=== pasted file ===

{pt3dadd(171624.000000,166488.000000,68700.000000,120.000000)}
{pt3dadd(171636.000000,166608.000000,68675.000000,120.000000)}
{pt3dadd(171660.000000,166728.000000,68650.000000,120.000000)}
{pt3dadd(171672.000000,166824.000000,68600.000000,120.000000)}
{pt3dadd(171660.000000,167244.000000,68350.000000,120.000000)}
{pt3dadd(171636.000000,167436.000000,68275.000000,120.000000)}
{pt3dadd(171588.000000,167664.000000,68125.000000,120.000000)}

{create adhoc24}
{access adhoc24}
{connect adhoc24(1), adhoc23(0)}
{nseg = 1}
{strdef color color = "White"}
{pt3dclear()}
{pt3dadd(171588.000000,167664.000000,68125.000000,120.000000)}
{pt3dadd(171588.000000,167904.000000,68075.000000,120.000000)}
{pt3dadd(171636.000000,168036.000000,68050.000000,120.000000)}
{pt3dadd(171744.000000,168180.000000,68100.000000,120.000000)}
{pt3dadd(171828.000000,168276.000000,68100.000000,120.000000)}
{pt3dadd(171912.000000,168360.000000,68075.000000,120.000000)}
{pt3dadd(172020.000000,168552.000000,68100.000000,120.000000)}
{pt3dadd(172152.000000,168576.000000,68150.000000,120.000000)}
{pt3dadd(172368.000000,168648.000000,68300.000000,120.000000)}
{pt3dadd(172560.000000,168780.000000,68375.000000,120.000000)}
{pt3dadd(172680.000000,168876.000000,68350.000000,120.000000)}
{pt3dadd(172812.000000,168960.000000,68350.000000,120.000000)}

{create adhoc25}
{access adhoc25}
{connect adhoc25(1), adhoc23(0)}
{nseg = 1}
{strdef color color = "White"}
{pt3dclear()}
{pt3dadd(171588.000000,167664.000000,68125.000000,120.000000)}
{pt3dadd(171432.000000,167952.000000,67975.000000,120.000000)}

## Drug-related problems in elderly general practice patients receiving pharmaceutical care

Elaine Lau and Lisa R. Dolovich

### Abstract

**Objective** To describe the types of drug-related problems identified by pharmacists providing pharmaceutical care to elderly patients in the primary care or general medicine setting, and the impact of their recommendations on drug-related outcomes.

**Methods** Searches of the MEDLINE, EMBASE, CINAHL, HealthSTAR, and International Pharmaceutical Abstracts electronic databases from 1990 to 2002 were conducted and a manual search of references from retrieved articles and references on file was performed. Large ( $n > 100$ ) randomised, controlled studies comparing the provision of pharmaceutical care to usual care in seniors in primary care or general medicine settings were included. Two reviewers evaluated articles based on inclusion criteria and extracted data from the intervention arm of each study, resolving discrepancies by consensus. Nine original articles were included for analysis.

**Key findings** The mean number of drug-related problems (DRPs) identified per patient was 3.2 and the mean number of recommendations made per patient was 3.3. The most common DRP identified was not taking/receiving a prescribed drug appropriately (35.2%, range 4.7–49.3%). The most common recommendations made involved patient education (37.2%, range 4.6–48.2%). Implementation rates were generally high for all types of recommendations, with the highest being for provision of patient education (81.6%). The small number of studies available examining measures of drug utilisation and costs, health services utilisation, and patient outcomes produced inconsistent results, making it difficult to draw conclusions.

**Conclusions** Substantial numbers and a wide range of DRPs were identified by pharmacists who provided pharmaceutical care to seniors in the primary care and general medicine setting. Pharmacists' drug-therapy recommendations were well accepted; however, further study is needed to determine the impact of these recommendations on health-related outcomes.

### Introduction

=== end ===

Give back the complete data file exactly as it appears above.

{pt3dadd(171624.000000,166488.000000,68700.000000,120.000000)}
{pt3dadd(171636.000000,166608.000000,68675.000000,120.000000)}
{pt3dadd(171660.000000,166728.000000,68650.000000,120.000000)}
{pt3dadd(171672.000000,166824.000000,68600.000000,120.000000)}
{pt3dadd(171660.000000,167244.000000,68350.000000,120.000000)}
{pt3dadd(171636.000000,167436.000000,68275.000000,120.000000)}
{pt3dadd(171588.000000,167664.000000,68125.000000,120.000000)}

{create adhoc24}
{access adhoc24}
{connect adhoc24(1), adhoc23(0)}
{nseg = 1}
{strdef color color = "White"}
{pt3dclear()}
{pt3dadd(171588.000000,167664.000000,68125.000000,120.000000)}
{pt3dadd(171588.000000,167904.000000,68075.000000,120.000000)}
{pt3dadd(171636.000000,168036.000000,68050.000000,120.000000)}
{pt3dadd(171744.000000,168180.000000,68100.000000,120.000000)}
{pt3dadd(171828.000000,168276.000000,68100.000000,120.000000)}
{pt3dadd(171912.000000,168360.000000,68075.000000,120.000000)}
{pt3dadd(172020.000000,168552.000000,68100.000000,120.000000)}
{pt3dadd(172152.000000,168576.000000,68150.000000,120.000000)}
{pt3dadd(172368.000000,168648.000000,68300.000000,120.000000)}
{pt3dadd(172560.000000,168780.000000,68375.000000,120.000000)}
{pt3dadd(172680.000000,168876.000000,68350.000000,120.000000)}
{pt3dadd(172812.000000,168960.000000,68350.000000,120.000000)}

{create adhoc25}
{access adhoc25}
{connect adhoc25(1), adhoc23(0)}
{nseg = 1}
{strdef color color = "White"}
{pt3dclear()}
{pt3dadd(171588.000000,167664.000000,68125.000000,120.000000)}
{pt3dadd(171432.000000,167952.000000,67975.000000,120.000000)}

## Drug-related problems in elderly general practice patients receiving pharmaceutical care

Elaine Lau and Lisa R. Dolovich

### Abstract

**Objective** To describe the types of drug-related problems identified by pharmacists providing pharmaceutical care to elderly patients in the primary care or general medicine setting, and the impact of their recommendations on drug-related outcomes.

**Methods** Searches of the MEDLINE, EMBASE, CINAHL, HealthSTAR, and International Pharmaceutical Abstracts electronic databases from 1990 to 2002 were conducted and a manual search of references from retrieved articles and references on file was performed. Large ( $n > 100$ ) randomised, controlled studies comparing the provision of pharmaceutical care to usual care in seniors in primary care or general medicine settings were included. Two reviewers evaluated articles based on inclusion criteria and extracted data from the intervention arm of each study, resolving discrepancies by consensus. Nine original articles were included for analysis.

**Key findings** The mean number of drug-related problems (DRPs) identified per patient was 3.2 and the mean number of recommendations made per patient was 3.3. The most common DRP identified was not taking/receiving a prescribed drug appropriately (35.2%, range 4.7–49.3%). The most common recommendations made involved patient education (37.2%, range 4.6–48.2%). Implementation rates were generally high for all types of recommendations, with the highest being for provision of patient education (81.6%). The small number of studies available examining measures of drug utilisation and costs, health services utilisation, and patient outcomes produced inconsistent results, making it difficult to draw conclusions.

**Conclusions** Substantial numbers and a wide range of DRPs were identified by pharmacists who provided pharmaceutical care to seniors in the primary care and general medicine setting. Pharmacists' drug-therapy recommendations were well accepted; however, further study is needed to determine the impact of these recommendations on health-related outcomes.

### Introduction